As Josh discussed in detail earlier today, the Yankees took a particular approach to last offseason. They eschewed top free agents, and focused on upgrading their defense while relying on their internal pitching. That last point is somewhere Brian Cashman has excelled. It’s one thing to go out and deplete your entire farm for a rotation like, say, the Padres of did, but it’s another to build a staff more out of raw clay.
One specific player and everything surrounding him exemplify this approach to pitching development: Michael King.
The 6-foot-3 right-hander, a former 12th-round pick of the Miami Marlins, King came over to the Yankees in one of those deals that nobody gave a lot of attention to at the time. The Yankees have had a lot of success with those kinds of trades, plucking obscure names off other rosters and turning them into studs (Clay Holmes and Chad Green come to mind, among others).
King had a solid 2021 season, but with plenty of names ahead of him in the pecking order, there wasn’t a ton of clarity about how he would be used in the 2022 season. Esteban talked a little bit about him after his first appearance, and something worth noting was that the Yankees have been rather strict about defined roles in their ‘pen. There was a fear that King would get buried as a swingman-type arm when his stuff and performance asked for a more impactful role.
Whether it was due to the inconsistency of Aroldis Chapman, a not as dominant Jonathan Loáisiga, or simply King forcing the Yankees’ hand with shutdown performance after shutdown performance, it looks like he is set for a role in high-leverage spots, with the added caveat that he can go multiple innings without breaking a sweat. A sort of throwback to the old fireman, an homage to the great Sparky Lyle. Although it’s a little early to put King in that kind of conversation, his stuff and makeup allow for similar usage.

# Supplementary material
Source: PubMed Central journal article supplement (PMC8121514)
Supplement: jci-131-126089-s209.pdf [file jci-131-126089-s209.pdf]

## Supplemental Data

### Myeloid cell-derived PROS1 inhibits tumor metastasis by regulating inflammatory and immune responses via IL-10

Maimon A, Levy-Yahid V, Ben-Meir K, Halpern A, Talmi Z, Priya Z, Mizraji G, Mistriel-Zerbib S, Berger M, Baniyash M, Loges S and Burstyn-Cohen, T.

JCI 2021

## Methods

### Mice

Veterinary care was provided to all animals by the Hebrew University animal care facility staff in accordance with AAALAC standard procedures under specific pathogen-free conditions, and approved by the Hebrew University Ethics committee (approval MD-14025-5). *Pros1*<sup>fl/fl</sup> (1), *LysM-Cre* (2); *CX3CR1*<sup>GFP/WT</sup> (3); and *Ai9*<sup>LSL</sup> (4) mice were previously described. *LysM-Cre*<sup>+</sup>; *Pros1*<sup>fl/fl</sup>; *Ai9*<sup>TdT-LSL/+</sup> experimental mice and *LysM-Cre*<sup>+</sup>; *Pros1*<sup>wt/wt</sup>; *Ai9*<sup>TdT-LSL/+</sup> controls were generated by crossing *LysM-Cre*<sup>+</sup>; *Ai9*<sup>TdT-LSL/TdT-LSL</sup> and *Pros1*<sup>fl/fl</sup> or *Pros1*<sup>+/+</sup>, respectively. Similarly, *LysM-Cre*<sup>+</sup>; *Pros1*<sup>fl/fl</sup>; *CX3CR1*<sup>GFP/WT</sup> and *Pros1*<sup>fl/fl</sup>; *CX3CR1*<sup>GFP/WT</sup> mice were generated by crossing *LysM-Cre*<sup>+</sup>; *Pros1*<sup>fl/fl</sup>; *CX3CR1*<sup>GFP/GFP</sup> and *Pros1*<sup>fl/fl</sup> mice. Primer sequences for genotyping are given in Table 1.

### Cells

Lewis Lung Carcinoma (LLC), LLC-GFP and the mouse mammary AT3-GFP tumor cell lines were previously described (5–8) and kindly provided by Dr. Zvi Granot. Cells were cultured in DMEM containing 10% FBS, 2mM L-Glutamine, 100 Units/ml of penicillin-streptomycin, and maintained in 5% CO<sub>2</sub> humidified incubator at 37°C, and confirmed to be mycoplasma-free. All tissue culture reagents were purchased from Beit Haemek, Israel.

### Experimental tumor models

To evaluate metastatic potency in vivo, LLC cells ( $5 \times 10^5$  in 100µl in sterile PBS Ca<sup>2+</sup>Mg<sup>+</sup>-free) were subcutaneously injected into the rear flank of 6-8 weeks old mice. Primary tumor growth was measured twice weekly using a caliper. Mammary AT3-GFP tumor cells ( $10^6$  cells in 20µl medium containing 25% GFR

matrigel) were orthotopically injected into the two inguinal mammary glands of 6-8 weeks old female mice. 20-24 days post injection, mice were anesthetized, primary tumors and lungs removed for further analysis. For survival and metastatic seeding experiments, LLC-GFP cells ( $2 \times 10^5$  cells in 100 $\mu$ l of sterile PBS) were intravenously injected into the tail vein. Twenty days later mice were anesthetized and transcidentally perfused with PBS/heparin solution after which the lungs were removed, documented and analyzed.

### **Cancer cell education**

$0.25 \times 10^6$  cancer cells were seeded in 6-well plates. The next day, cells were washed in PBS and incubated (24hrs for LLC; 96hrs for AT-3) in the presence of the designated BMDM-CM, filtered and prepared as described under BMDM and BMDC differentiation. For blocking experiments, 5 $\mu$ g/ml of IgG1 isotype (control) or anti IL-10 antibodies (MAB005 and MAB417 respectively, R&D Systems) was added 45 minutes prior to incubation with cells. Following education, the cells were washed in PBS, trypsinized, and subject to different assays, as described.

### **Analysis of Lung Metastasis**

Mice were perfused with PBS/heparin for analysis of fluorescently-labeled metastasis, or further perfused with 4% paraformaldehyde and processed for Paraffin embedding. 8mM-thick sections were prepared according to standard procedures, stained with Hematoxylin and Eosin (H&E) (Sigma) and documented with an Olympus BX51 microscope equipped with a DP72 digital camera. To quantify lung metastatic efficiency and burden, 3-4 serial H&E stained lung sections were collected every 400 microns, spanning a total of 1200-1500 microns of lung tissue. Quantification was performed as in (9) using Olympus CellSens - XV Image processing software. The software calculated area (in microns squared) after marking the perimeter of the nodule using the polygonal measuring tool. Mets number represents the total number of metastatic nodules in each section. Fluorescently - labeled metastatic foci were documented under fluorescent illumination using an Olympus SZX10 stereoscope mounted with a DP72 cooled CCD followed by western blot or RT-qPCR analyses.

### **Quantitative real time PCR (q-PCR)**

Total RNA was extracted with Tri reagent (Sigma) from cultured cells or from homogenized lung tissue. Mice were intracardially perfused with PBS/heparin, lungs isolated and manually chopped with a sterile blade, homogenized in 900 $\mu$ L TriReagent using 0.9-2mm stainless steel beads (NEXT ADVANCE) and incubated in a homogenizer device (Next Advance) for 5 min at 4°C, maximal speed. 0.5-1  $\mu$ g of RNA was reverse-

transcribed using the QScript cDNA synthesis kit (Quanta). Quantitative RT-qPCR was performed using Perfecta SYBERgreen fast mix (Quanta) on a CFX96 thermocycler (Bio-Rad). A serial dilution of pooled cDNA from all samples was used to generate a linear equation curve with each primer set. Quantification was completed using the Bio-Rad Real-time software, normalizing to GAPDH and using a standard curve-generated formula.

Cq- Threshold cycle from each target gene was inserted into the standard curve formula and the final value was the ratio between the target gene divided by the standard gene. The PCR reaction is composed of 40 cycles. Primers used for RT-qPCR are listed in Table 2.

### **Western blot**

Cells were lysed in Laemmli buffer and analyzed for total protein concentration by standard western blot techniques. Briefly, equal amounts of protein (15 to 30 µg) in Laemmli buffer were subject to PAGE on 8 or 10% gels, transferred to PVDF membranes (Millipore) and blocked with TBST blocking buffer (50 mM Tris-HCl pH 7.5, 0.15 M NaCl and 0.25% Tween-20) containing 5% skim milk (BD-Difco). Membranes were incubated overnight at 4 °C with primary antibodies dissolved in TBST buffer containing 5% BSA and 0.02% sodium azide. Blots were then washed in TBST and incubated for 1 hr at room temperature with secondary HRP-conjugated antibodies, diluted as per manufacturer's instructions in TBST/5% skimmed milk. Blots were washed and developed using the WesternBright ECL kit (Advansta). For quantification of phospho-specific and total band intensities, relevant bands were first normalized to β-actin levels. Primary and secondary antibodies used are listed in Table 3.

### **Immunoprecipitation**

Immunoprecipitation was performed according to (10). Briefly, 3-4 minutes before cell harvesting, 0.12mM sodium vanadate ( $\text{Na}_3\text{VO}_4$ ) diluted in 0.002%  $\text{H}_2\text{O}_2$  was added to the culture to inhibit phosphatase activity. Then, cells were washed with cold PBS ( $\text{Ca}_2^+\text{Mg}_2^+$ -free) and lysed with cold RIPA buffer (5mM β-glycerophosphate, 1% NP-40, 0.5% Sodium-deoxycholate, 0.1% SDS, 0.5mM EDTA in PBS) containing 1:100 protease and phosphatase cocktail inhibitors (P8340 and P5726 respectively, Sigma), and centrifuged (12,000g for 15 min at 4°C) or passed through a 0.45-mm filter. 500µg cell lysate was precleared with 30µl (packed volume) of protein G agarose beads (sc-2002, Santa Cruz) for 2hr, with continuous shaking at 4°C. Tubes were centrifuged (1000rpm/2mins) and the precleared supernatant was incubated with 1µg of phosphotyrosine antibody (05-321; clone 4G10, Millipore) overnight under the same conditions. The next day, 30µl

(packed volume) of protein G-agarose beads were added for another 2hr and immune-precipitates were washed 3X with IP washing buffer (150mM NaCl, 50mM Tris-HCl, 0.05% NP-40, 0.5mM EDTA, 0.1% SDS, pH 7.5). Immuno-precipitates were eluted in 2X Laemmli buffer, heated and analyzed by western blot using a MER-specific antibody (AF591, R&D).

There’s the argument to be made that King has been so dominant, that he could have success even if you stretched him out as a starter. There are a few different aspects to cover on that front.
King has a four-pitch repertoire, and the graphic below shows he’s been mixing it up in 2022. Last year, he threw sinkers at a 53% clip, but that’s down to 39.3% in the young 2022 season.
Even leaving his (effective) changeup aside for a second, we’ve seen pitchers be successful in 2022 throwing sinkers in on righties, four-seamers up in the zone, and a breaking ball for whiffs. One that comes to mind on that front is Kyle Wright, whose improved command has elevated him to the next level.
If all this is true, and the Yankees have such a solid bullpen, then why is King still in relief? The Yankees had the second-best bullpen in ERA in the AL in 2021, behind only the Tampa Bay Rays. That said, while the team’s rotation wasn’t viewed with a tremendous amount of confidence entering 2022, the results tell a different story, and explain why Aaron Boone and the Yankees must be satisfied letting King crush it in the bullpen for now.
Gerrit Cole is Gerrit Cole. Jordan Montgomery may not be an exciting arm, but he’d be an important contributor in any rotation. Luis Severino has shown his stuff is still there. Nestor Cortes has been a revelation. Jameson Taillon is not gonna wow anybody, but he’s one of the best fifth starters in all of baseball as of right now.
The Yankees’ rotation is set, and the best spot for King right now is in the ‘pen as a high-leverage reliever, capable of going for multiple innings when called upon. He gives Boone a versatile weapon to deploy in all kinds of situations.
What can expect for King long term? The talented right-hander is still a developing pitcher, and he has no more than 20+ innings with this new approach, but the sky is the limit for him.
King’s current optimal role as a high-leverage reliever should not interfere with what could be a career with tremendous potential as a starter down the line. Right now, because of shrewd roster construction, the Yankees have a reliable starting five and can afford to be patient with King, and not push the envelope.
The days of mop-up duty for King certainly appear to be over though. He’s among the first names the Yankees will call late in games. And if all goes well, we should get a chance to see him do even more in the future.